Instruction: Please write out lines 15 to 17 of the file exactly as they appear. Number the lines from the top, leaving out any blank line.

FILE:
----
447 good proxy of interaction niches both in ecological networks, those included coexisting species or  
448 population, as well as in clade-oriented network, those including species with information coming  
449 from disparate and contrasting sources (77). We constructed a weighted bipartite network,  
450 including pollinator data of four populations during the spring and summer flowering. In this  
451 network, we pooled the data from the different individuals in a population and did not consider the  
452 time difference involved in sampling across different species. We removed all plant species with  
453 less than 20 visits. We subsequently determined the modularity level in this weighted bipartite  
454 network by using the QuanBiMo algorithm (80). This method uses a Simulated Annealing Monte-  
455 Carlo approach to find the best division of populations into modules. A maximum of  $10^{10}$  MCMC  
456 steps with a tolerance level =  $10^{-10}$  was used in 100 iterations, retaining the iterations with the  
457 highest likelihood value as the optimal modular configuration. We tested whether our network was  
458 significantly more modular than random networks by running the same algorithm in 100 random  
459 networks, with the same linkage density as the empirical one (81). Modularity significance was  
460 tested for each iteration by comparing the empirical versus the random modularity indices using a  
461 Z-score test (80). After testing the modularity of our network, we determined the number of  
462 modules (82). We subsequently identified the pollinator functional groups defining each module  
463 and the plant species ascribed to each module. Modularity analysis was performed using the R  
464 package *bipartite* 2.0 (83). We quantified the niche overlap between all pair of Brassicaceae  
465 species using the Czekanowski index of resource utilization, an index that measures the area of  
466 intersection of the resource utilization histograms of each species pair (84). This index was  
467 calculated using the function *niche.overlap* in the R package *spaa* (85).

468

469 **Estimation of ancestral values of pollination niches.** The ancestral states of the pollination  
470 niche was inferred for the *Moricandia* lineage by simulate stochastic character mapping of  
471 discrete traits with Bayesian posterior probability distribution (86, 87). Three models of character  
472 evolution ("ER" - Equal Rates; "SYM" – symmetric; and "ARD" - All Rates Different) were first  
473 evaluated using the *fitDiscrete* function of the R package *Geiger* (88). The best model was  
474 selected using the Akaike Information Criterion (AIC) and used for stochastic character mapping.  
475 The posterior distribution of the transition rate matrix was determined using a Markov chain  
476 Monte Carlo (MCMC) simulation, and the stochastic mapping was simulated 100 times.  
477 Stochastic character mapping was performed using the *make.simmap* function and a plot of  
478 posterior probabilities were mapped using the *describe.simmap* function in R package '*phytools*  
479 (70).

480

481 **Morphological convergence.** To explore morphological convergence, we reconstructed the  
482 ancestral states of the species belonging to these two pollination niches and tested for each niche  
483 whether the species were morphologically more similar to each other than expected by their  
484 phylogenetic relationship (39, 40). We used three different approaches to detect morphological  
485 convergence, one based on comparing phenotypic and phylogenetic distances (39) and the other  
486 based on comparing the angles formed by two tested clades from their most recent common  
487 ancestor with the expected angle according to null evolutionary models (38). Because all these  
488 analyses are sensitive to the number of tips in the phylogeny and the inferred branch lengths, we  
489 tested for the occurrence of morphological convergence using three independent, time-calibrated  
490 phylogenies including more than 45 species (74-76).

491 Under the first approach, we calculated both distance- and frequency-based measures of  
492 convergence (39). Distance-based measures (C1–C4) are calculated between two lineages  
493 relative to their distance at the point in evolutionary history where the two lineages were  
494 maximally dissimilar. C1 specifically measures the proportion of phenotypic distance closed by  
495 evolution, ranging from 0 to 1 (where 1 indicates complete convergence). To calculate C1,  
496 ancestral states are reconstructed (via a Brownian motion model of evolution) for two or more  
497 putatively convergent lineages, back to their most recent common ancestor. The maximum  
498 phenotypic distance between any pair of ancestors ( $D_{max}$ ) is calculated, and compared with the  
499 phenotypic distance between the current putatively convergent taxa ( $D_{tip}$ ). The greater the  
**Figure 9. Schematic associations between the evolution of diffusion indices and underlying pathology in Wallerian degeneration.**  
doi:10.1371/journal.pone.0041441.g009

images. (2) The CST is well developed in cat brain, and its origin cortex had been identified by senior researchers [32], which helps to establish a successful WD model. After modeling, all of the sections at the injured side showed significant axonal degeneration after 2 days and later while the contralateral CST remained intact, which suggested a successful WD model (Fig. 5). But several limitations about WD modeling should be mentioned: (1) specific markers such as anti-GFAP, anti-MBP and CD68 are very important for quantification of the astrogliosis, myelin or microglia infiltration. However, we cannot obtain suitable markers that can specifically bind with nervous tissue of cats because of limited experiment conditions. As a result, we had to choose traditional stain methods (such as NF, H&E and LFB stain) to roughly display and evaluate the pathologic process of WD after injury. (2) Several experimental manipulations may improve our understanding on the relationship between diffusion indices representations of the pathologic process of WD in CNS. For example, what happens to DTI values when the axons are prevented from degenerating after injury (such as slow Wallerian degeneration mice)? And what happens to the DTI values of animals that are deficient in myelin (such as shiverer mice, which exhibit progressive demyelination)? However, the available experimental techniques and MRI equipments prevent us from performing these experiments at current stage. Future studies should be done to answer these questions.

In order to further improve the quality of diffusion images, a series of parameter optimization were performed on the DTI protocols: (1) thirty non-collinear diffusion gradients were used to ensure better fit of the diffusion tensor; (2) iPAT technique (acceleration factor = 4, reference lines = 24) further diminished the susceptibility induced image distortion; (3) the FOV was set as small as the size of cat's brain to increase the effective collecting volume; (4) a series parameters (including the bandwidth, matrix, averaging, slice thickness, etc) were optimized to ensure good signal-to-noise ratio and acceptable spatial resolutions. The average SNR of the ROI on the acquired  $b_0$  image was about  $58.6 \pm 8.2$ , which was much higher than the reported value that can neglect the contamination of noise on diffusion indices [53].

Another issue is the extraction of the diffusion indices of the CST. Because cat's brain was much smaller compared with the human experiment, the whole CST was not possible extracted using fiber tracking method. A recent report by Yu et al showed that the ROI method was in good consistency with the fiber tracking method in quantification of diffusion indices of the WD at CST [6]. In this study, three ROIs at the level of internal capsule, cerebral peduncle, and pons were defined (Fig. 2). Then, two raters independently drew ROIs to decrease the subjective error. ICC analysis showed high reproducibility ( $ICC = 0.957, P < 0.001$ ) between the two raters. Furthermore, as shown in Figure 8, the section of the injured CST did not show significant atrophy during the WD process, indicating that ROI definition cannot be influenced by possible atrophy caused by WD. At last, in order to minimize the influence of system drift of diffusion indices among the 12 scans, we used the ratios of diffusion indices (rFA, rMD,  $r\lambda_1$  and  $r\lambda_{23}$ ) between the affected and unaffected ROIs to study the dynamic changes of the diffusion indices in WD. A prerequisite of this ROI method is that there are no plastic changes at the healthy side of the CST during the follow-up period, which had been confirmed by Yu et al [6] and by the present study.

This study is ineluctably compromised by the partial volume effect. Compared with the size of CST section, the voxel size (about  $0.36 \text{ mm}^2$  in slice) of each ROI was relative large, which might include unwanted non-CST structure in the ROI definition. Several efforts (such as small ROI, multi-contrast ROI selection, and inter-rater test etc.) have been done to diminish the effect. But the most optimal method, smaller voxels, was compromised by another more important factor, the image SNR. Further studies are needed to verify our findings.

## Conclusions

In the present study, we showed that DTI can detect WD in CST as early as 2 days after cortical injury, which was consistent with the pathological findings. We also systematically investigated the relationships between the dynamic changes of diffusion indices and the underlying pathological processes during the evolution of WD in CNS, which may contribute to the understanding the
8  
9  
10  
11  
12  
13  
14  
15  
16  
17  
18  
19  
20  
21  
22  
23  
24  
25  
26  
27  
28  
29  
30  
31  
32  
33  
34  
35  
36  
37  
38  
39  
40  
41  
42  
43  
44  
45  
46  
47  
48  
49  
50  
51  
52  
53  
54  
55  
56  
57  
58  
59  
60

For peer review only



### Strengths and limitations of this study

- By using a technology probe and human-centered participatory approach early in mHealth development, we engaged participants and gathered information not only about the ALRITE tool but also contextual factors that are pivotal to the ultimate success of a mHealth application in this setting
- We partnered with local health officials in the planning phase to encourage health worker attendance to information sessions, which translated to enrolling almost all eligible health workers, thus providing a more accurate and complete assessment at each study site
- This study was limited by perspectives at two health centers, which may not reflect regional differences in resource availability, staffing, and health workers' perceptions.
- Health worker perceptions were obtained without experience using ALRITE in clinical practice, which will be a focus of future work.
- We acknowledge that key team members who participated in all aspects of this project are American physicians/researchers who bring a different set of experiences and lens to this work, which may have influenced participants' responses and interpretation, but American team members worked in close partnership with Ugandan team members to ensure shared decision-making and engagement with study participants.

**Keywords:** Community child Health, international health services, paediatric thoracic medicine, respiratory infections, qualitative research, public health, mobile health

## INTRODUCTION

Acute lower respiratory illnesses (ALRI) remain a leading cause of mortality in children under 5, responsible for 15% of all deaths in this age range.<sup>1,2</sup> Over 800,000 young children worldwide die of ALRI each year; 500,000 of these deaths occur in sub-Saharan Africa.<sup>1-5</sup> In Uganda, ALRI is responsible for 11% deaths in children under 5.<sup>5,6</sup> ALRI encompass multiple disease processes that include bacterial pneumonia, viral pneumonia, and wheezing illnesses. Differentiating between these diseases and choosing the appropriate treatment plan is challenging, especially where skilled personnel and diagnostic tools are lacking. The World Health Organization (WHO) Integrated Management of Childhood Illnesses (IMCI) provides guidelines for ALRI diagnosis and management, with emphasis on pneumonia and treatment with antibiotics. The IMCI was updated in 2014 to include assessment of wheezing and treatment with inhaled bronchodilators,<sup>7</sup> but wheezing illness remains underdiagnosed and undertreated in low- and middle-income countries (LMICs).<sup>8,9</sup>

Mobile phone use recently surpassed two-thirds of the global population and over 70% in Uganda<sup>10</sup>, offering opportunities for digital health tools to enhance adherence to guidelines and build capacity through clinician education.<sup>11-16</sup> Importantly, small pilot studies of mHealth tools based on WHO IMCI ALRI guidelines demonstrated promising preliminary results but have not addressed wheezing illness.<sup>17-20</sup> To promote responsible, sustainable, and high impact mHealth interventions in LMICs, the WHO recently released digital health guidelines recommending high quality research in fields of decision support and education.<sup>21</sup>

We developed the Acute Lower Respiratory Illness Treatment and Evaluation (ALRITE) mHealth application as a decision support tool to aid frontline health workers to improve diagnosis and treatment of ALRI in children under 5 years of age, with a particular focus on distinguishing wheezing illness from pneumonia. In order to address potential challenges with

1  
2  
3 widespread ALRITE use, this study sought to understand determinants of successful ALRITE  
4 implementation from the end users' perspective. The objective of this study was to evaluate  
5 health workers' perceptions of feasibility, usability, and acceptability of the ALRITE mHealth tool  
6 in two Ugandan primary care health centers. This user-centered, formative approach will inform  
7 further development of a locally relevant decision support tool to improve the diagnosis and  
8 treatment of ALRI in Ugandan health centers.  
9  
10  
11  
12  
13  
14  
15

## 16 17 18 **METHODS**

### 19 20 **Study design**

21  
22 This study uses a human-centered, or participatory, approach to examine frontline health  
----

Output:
461 Z-score test (80). After testing the modularity of our network, we determined the number of  
462 modules (82). We subsequently identified the pollinator functional groups defining each module  
463 and the plant species ascribed to each module. Modularity analysis was performed using the R  